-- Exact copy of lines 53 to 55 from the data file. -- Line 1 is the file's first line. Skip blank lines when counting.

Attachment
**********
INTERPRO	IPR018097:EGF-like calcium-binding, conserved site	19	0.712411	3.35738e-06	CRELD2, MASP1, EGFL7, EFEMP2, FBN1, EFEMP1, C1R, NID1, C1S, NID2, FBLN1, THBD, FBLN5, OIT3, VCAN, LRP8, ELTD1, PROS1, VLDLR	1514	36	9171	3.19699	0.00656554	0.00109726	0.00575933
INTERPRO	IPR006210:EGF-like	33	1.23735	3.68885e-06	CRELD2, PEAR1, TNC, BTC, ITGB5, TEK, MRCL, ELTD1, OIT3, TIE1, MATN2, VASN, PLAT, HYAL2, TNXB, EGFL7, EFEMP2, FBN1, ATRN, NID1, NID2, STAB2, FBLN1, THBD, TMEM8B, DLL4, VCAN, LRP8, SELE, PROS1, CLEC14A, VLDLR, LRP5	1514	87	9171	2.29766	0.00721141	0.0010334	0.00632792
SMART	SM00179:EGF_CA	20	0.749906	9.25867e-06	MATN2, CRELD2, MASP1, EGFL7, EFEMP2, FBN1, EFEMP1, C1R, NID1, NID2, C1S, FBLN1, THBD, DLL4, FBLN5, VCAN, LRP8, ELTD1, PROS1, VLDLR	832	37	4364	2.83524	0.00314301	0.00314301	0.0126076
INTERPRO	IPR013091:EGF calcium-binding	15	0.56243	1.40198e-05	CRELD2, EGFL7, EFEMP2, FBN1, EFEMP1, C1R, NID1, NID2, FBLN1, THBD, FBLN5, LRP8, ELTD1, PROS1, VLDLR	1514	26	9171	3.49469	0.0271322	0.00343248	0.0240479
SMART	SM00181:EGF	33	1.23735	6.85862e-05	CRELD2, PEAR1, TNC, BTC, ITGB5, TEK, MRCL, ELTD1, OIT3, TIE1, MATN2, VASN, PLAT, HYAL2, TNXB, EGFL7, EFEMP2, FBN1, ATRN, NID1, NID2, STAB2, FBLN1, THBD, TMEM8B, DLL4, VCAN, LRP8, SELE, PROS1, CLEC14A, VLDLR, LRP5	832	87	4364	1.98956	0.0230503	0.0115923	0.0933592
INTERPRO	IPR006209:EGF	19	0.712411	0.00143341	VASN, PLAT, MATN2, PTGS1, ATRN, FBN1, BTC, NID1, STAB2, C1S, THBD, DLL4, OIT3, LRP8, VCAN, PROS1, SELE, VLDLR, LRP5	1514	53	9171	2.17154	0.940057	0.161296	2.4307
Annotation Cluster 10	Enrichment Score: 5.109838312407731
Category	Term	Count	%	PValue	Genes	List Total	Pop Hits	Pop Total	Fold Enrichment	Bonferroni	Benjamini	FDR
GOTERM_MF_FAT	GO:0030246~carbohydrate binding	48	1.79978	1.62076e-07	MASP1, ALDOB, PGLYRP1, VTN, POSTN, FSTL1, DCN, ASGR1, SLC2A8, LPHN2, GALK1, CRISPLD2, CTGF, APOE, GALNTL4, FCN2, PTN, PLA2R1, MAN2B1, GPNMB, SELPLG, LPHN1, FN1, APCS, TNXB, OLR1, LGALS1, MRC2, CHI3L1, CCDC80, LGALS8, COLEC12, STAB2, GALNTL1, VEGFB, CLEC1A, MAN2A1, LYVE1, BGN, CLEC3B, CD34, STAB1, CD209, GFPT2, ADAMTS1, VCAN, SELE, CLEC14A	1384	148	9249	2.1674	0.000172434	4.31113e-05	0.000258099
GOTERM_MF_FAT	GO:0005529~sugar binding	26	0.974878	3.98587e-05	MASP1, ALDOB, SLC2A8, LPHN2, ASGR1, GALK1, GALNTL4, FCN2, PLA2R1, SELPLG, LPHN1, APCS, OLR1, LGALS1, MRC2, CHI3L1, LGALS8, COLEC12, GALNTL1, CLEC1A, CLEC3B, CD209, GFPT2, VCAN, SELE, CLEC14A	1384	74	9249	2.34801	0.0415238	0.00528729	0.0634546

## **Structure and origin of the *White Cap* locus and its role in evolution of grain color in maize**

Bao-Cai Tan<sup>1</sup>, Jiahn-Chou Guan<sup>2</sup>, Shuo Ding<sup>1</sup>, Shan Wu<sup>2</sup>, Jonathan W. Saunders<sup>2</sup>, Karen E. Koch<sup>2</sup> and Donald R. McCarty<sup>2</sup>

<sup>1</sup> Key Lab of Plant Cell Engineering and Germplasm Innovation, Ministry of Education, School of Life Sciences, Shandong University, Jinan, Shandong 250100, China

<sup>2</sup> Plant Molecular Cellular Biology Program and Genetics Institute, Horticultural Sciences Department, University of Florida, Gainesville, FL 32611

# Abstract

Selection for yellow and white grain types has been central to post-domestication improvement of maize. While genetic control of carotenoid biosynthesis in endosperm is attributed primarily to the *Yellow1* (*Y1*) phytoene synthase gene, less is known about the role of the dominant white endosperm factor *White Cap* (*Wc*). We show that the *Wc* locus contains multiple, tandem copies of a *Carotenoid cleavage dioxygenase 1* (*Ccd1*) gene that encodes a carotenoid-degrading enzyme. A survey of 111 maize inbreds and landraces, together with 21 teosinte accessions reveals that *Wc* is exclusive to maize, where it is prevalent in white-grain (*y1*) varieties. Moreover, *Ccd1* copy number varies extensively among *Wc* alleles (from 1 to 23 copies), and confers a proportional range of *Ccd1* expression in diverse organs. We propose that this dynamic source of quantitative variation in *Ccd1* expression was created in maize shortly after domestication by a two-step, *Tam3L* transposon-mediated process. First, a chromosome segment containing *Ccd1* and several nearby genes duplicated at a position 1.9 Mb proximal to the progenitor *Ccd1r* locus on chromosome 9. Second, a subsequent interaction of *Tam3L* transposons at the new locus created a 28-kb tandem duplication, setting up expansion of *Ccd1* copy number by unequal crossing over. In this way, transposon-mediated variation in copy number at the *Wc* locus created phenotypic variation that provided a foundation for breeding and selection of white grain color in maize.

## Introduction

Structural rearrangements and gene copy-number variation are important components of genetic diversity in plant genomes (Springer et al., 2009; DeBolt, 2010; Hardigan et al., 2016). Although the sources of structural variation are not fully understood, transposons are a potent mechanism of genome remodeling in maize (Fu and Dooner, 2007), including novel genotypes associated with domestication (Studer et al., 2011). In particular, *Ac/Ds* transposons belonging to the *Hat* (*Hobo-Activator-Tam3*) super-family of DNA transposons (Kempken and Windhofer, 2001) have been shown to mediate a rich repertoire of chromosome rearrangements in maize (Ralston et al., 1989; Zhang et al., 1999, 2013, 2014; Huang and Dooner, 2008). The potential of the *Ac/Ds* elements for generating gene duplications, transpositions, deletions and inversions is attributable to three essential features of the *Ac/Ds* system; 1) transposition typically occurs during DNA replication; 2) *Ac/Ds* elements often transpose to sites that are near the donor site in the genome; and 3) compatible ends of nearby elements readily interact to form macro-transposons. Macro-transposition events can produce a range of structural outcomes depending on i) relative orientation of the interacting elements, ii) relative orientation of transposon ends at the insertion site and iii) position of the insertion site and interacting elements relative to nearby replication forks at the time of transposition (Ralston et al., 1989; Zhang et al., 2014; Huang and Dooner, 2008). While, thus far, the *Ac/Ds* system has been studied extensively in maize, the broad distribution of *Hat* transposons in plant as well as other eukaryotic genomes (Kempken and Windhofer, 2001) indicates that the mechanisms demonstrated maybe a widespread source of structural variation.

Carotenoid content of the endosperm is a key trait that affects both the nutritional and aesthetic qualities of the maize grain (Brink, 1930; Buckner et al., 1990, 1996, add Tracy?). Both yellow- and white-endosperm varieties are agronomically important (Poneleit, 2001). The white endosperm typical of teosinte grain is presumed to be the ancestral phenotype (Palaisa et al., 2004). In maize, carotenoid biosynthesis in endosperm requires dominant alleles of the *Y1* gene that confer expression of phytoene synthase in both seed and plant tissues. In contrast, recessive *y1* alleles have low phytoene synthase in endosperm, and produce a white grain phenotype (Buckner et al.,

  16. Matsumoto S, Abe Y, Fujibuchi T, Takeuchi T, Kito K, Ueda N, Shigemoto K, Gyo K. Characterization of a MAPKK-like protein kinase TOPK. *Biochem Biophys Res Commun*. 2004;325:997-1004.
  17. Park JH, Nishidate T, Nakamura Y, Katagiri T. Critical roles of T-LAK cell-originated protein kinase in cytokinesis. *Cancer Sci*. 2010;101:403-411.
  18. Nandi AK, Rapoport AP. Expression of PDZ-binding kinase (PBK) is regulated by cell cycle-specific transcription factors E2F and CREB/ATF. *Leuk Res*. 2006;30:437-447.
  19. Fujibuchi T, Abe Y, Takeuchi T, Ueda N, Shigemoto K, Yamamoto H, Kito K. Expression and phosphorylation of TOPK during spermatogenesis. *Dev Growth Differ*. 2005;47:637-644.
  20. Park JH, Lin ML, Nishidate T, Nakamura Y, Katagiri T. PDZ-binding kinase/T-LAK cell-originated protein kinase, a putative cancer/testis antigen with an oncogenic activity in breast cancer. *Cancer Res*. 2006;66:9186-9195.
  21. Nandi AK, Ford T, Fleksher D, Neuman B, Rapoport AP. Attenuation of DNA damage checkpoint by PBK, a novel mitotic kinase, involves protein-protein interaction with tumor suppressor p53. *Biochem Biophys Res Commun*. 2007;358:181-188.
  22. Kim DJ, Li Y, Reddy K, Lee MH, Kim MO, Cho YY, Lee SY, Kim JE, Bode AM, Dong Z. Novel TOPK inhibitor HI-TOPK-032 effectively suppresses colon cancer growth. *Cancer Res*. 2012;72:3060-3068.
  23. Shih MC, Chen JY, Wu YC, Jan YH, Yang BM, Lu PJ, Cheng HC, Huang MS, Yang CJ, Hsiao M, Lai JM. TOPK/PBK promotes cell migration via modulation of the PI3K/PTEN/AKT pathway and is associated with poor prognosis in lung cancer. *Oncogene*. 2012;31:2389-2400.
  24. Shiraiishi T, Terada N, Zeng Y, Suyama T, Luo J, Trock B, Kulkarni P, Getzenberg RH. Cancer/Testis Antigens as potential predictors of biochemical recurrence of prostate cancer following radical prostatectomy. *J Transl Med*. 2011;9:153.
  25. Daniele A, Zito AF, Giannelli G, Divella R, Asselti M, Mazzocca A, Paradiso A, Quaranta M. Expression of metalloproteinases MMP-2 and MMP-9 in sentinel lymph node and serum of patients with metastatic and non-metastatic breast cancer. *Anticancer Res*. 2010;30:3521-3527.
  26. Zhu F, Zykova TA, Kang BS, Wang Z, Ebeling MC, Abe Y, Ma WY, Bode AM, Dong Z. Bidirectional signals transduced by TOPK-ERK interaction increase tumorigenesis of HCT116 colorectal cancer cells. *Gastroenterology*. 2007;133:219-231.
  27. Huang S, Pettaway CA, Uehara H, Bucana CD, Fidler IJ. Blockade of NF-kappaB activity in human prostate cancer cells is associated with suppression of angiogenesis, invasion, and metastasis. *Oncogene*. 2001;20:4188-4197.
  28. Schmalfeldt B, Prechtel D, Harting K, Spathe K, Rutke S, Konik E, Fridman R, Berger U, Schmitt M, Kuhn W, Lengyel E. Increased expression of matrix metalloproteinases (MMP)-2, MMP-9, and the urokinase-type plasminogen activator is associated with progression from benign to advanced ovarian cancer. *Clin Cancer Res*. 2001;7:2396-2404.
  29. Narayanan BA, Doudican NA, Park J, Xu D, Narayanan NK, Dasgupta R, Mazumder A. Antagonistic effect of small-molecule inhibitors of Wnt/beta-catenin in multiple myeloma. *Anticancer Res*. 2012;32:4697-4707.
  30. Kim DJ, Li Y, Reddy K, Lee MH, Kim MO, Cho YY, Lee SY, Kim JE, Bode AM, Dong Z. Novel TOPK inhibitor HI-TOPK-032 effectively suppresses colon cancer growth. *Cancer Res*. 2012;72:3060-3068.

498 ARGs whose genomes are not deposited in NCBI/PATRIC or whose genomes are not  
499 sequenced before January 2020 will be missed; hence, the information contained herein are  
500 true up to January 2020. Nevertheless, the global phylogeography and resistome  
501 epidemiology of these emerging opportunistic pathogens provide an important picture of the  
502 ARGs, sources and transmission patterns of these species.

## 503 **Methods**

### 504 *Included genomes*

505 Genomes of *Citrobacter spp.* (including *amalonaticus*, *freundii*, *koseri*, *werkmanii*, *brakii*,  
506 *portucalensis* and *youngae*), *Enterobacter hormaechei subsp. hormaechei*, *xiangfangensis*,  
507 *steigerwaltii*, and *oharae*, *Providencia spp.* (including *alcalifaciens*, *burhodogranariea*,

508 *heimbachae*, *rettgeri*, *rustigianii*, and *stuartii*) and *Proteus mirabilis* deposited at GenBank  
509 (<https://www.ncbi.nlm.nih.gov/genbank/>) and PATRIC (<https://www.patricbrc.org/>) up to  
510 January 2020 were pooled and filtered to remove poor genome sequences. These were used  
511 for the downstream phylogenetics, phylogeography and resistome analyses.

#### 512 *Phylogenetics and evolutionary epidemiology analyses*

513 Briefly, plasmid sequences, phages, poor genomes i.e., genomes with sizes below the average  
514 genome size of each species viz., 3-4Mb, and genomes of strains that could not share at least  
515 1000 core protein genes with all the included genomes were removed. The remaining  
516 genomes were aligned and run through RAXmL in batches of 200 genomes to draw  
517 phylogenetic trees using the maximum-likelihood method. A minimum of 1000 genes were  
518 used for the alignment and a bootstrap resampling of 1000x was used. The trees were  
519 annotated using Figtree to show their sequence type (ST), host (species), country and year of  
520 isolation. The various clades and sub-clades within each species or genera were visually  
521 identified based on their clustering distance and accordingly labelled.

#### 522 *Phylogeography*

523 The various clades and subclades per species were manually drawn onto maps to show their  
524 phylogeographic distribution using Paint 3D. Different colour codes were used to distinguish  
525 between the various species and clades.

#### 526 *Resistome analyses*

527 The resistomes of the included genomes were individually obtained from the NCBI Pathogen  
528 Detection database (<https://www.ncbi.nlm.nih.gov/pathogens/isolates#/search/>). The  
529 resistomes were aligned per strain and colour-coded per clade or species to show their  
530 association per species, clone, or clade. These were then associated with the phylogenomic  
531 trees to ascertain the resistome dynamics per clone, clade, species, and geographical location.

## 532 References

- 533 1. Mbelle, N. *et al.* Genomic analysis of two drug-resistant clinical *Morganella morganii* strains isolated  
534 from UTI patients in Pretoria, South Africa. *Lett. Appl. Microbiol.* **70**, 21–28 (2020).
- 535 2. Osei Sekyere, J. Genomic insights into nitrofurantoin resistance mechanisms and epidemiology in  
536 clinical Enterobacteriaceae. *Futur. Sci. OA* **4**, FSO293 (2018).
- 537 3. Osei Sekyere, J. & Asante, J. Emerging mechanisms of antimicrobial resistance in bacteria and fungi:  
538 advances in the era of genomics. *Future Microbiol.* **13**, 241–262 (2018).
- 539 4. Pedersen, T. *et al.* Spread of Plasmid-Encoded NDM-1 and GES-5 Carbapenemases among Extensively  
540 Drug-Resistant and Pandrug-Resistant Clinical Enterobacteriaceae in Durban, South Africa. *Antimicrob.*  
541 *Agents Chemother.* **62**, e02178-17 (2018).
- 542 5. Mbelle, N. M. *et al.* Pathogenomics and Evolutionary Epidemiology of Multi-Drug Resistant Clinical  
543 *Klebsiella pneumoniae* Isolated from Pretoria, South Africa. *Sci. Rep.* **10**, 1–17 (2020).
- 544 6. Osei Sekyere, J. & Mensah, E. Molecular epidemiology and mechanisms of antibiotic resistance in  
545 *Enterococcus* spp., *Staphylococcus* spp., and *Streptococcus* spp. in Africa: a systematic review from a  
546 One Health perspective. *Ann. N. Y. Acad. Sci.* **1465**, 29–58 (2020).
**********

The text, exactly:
516 genomes were aligned and run through RAXmL in batches of 200 genomes to draw  
517 phylogenetic trees using the maximum-likelihood method. A minimum of 1000 genes were  
518 used for the alignment and a bootstrap resampling of 1000x was used. The trees were  